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the wheels of the bus go round and round…

November 26, 2014

It was during the beginning of the Ferguson debacle that I had been given Salmon Rushdie’s Joseph Anton as a birthday present. This is Rushdie’s memoir of the infamous “Rushdie Affair”, when Ayatollah Khomeini put a fatwa death sentence and million dollar bounty on Rushdie’s head for writing The Satanic Verses. The Ayatollah deemed it slanderous of Islam.

Rushdie’s Satanic Verses – a decent, but not exceptional work of fiction, was full of religious satire, humor, metaphor, and all the other literary devices one expects from an intelligent writer of Rushdie’s stature – and but for one crucial mistake the book would have been forgotten a year or two after publication.

Rushdie made the mistake of using satire against his own religion – Islam. And as we know – there are few believers who find humor in satirizing religion – most especially in contemporary Islam.

A fatwa was proclaimed by the Ayatollah Khomeini, and for nearly a decade Rushdie had to go into protective custody and become, as he called it, an invisible man. His code name was Joseph Anton.

Joseph Anton (the book) is a rapid and breezy read through the whole sordid affair – the book burning rage of fundamentalists, the cowardly buffoonery of British government officials, the tabloid exploitation, the racism, the stress of living 24/7/365 with armed guards, moving from house to house – all the very real discomforts that dogged Rushdie and his family through all the years of the fatwa.

But what was most distressing for Rushdie was the discovery that who your real friends were, and of the many that you believed were your friends, but who – in a crisis – were not (and who acted like they never were). The many who, once out of the safe space of an intellectual setting, suddenly do not believe in freedom of speech, or defending one against being wrongfully accused.

Throughout Joseph Anton one senses Rushdie’s profound disappointment at not being defended by many of his fellow writers – who, only the day before, were congratulating him and patting him on the back for winning the Booker for his much acclaimed Midnight’s Children.

One never really knows who one’s friends are until a crisis reveals such people. To have fellow writers bale, to have them turn their backs on the sacredness of freedom of expression – willing to clamp the imagination – willing to sacrifice one of their own for their own personal gain – is always one of the great tragedies of the human spirit. A tragedy that is as old as Socrates and Jesus Christ.


In many essential ways, Joseph Anton reads like Kundera’s 1967 novel The Joke, and his later Book of Laughter and Forgetting – which for me, was my first real look into the world of manipulating History, controlling storytelling, burning books, and why, and how easy it is to do.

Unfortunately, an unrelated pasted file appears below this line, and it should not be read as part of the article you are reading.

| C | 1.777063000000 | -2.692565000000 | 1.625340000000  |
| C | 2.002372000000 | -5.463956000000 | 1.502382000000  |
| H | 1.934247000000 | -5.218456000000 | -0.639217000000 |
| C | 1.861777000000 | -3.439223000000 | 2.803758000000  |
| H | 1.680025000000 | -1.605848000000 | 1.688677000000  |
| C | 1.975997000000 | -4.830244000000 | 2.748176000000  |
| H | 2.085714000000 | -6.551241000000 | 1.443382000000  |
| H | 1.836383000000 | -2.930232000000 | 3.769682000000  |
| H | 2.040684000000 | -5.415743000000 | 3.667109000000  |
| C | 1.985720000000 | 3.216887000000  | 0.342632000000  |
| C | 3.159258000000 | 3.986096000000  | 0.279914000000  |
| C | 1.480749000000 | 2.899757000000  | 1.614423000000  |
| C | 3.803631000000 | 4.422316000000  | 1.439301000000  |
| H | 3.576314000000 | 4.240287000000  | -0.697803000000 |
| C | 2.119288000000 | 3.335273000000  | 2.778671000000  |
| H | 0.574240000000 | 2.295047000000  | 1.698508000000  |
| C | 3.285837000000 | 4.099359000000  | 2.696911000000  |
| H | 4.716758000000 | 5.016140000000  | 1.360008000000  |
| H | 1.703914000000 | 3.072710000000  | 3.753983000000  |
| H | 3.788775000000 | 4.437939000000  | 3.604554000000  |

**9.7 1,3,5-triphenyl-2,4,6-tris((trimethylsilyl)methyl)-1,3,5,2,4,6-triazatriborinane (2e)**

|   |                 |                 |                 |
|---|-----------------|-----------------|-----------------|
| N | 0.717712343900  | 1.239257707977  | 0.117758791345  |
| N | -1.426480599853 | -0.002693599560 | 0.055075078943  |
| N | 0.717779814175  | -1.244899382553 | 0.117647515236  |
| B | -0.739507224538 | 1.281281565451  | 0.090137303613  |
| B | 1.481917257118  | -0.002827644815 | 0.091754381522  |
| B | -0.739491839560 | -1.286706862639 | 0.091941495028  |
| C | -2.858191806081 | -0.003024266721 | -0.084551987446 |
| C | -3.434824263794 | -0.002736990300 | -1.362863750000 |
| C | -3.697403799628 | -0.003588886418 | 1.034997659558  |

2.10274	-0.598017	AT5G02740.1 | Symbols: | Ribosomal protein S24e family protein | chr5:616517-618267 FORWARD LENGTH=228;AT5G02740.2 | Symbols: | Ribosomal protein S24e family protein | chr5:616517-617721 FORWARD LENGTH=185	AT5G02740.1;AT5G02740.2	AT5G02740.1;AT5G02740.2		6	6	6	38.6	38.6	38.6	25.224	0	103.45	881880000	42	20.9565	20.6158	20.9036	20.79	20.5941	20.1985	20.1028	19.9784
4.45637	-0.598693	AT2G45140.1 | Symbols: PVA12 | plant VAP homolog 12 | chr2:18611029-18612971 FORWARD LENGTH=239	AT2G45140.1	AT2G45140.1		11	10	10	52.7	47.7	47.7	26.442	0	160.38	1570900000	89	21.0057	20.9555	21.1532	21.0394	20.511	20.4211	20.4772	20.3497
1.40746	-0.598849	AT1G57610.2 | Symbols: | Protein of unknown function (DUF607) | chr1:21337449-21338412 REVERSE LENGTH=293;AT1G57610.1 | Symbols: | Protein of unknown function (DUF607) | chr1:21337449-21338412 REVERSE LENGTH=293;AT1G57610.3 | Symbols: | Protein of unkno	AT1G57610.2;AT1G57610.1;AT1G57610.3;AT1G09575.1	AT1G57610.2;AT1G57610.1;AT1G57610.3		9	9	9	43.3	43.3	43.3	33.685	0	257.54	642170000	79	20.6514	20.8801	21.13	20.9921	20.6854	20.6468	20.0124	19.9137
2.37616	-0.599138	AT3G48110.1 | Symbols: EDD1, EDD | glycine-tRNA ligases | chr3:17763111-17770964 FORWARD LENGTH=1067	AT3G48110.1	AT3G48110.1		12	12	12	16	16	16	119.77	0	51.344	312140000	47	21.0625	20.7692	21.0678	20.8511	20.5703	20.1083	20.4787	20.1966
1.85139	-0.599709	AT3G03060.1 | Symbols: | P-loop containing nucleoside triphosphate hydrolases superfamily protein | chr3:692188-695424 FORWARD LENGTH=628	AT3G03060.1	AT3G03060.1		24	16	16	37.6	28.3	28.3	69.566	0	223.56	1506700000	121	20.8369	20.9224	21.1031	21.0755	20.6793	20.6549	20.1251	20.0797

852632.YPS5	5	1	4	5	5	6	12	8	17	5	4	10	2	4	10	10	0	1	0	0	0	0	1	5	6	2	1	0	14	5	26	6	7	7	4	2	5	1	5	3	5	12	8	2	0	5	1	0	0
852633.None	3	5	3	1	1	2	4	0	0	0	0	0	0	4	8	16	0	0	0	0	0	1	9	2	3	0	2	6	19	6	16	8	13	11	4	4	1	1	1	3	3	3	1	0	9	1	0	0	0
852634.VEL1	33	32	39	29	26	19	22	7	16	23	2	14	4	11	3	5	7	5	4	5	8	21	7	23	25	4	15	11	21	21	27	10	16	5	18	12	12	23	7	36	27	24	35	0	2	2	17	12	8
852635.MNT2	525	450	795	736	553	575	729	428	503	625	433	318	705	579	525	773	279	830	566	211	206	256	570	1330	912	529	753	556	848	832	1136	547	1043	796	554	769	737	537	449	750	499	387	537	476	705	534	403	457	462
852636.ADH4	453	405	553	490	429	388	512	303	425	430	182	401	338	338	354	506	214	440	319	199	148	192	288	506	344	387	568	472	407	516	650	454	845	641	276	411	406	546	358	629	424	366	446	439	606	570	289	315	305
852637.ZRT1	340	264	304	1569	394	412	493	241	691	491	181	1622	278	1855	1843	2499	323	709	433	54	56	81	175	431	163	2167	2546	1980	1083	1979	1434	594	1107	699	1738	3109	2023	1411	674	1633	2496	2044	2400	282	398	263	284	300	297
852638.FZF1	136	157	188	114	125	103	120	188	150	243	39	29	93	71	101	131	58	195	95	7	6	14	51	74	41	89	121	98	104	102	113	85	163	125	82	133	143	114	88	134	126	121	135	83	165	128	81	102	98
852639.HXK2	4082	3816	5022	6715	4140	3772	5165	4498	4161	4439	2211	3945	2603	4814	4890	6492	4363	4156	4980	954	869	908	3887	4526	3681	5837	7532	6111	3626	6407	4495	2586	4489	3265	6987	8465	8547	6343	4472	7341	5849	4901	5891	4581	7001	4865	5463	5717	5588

I was a naïve 25-year-old man/boy when I first stumbled upon Milan Kundera – first with The Unbearable Lightness of Being (which was also a birthday present) and then a follow-up of his entire oeuvre while working a factory job as a summer student.

The opening chapters of Laughter and Forgetting struck me like a thunderbolt. That image of the revolutionary’s face – Clementis – being erased from all the official photographic records of Czech history has never left me.

I had already read The Unbearable Lightness of Being and Kundera’s meditations on the Nietzschean idea of History endlessly repeating itself (yet juxtaposed against a life we only get to live once), the life lived in exile, who controls the story. Very real ideas that came from Kundera’s own lived experiences during the revolution in Czechoslovakia as a young man) The concepts nearly made my head explode.

In Immortality Kundera goes further to show that none of us control our history, especially once we are dead. That power only stays with the living. And we are dead a very long time.


And now this week, my partner gave me Coetzee’s Waiting for the Barbarians, a brilliant examination of the price we pay to maintain Empire – and how we become worse than that which we fear. Waiting for the Barbarians is brutal in its honesty and in its simplicity.

Which brings me back to Ferguson and the shooting death of yet another unarmed black male. Ferguson is more than just this one incident – it is the 100’s – no the 1,000’s of unarmed black men who have been killed by the police in America.

The so-called protectors succumbing to behaviors worse than those that they fear. And the sad realization that the wheel of America’s race history continues to grind away on the backs of the black community like a cliche that no one wants to end.

Increasingly I am realizing that the human species is fundamentally divided into that small group who believes in human rights, equality, and creating vibrant nurturing communities; and that larger group that has not yet fully evolved – the nihilists, the torturers, the executioners. The book burners, the zealots, and the fundamentalists. The wife beaters and the rapists. Those who re-write History for their own power and glory, and exterminate entire peoples. Those who would pull us back into the quagmire of chaos and fear.

We bear witness to this History but we seem incapable of overcoming it. Nietzsche was right – history endlessly repeats itself.

We glimpse its moments on centre stage, but few of us ever seem to have the courage to stand up to it.

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